Wrapping up a round of “pure fucking” with his lover of 20 years, Caroline (Patricia Clarkson), Kepesh receives a call from his son (Peter Sarsgaard), a doctor still coming to terms with his father’ walking out on his mother. After their date, Kepesh lures Consuela to his apartment by agreeing to play the piano for her. They spend the night together. Though Kepesh maintains to George that Consuela likely thinks of him as a new experience and nothing more, the couple is unable to move on. A relationship blossoms, but Kepesh realizes he’ll never possess Consuela and obsesses over her. She reads him the riot act and allays the professor’s fears of their 30-year age difference, but his insecurity erodes the love affair, prompting Kepesh to return to the familiarity of Caroline. Two years later, out of the blue, Consuela returns to Kepesh with a revelation.

Rotten Tomatoes “Tomatometer” average among 10,718 users: 60% for Elegy

Metacritic “Metascore” average among leading critics: 66 for Elegy

What do you say?

Tags: Ambiguous ending · Based on novel · Interrogation · Master and pupil · Midlife crisis · No opening credits · Paranoia · Unconventional romance

5 responses so far ↓

  • 1 Gillian // Dec 23, 2010 at 10:49 am

    I wasn’t thrilled by this movie, and not just because the thought of someone who looks like Penelope Cruz and someone who looks like Ben Kingsley is unsettling at best. Rather than romantic or uplifting or even cathartic I found it icky and overwrought.

  • 2 Joe Valdez // Dec 23, 2010 at 8:43 pm

    Gillian: I agree that Ben Kingsley is miscast here. I’m undecided on the debate about whether we’ve had enough stories about female students sleeping with their professors. One on the one hand, female students keep sleeping with their professors. What’s more unsettling to me is that even “the greatest novelist in America” appears to have difficulty crafting stories with any element of suspense. Thanks for commenting!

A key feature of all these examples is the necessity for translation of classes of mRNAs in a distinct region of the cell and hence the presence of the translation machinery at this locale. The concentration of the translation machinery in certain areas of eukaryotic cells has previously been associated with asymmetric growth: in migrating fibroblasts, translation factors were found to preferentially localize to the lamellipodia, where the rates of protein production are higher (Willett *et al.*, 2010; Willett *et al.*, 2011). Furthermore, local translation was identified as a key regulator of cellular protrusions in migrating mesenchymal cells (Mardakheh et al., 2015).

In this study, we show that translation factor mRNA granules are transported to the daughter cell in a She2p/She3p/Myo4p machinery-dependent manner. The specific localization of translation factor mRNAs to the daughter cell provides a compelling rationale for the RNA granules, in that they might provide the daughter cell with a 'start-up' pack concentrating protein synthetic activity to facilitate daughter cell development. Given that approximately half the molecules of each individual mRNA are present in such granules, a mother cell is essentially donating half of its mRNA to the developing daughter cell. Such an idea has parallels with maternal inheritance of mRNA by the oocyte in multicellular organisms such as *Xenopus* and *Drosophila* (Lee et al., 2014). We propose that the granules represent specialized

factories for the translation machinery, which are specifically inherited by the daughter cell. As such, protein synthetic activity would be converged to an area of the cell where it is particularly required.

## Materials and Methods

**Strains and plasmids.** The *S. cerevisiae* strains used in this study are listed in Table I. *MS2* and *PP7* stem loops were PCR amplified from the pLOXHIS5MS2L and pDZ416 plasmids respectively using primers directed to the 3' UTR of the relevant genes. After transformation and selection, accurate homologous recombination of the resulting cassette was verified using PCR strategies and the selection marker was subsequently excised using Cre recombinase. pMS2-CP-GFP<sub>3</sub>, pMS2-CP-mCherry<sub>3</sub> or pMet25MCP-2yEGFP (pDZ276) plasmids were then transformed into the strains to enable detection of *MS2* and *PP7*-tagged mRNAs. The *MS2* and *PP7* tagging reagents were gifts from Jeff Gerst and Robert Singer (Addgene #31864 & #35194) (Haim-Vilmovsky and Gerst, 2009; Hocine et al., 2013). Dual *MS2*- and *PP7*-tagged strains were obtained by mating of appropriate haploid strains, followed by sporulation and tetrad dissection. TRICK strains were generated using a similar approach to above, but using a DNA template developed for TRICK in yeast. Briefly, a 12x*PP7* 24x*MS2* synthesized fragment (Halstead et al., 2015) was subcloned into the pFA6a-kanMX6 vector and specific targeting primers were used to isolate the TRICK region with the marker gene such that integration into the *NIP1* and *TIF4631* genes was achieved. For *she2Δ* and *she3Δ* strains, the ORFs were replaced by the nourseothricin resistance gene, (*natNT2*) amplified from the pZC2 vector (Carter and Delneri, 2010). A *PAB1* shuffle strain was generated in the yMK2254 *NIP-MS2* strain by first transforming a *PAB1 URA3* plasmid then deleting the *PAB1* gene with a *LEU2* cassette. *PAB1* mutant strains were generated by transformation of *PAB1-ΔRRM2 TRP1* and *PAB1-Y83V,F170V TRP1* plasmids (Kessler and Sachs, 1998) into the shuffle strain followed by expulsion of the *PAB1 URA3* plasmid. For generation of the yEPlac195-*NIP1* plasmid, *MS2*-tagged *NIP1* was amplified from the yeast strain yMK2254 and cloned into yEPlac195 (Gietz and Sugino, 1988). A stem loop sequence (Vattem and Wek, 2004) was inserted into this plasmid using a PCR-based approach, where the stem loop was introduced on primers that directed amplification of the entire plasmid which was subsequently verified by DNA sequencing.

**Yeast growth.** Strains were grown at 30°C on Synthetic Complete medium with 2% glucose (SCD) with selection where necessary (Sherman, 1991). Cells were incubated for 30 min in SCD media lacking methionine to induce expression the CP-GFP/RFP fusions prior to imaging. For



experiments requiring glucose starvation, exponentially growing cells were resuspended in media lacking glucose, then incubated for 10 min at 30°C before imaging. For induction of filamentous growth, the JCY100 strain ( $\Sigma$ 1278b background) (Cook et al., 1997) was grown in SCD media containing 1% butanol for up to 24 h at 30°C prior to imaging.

• 3 haa // Aug 8, 2011 at 8:54 pm

    yes, the older partner in these kinda films cant actually look their age now can they

  • 4 Marie // Mar 25, 2013 at 10:09 pm

    I don’t agree. I felt Kingsley to my surprise was very beliveable as a love-sexy interest. I also liked the rythm of the film, with narration here and there thru out. It could have gone though, in the analysis of emotions…

  • 5 john // Dec 11, 2013 at 12:22 pm

    The comment that Gillian writes above confirms that this country is descended from the puritans. Philip Roth 1 Gillian 0. On the other hand the movie does fail to build suspense after the graduation party. It should have ended there.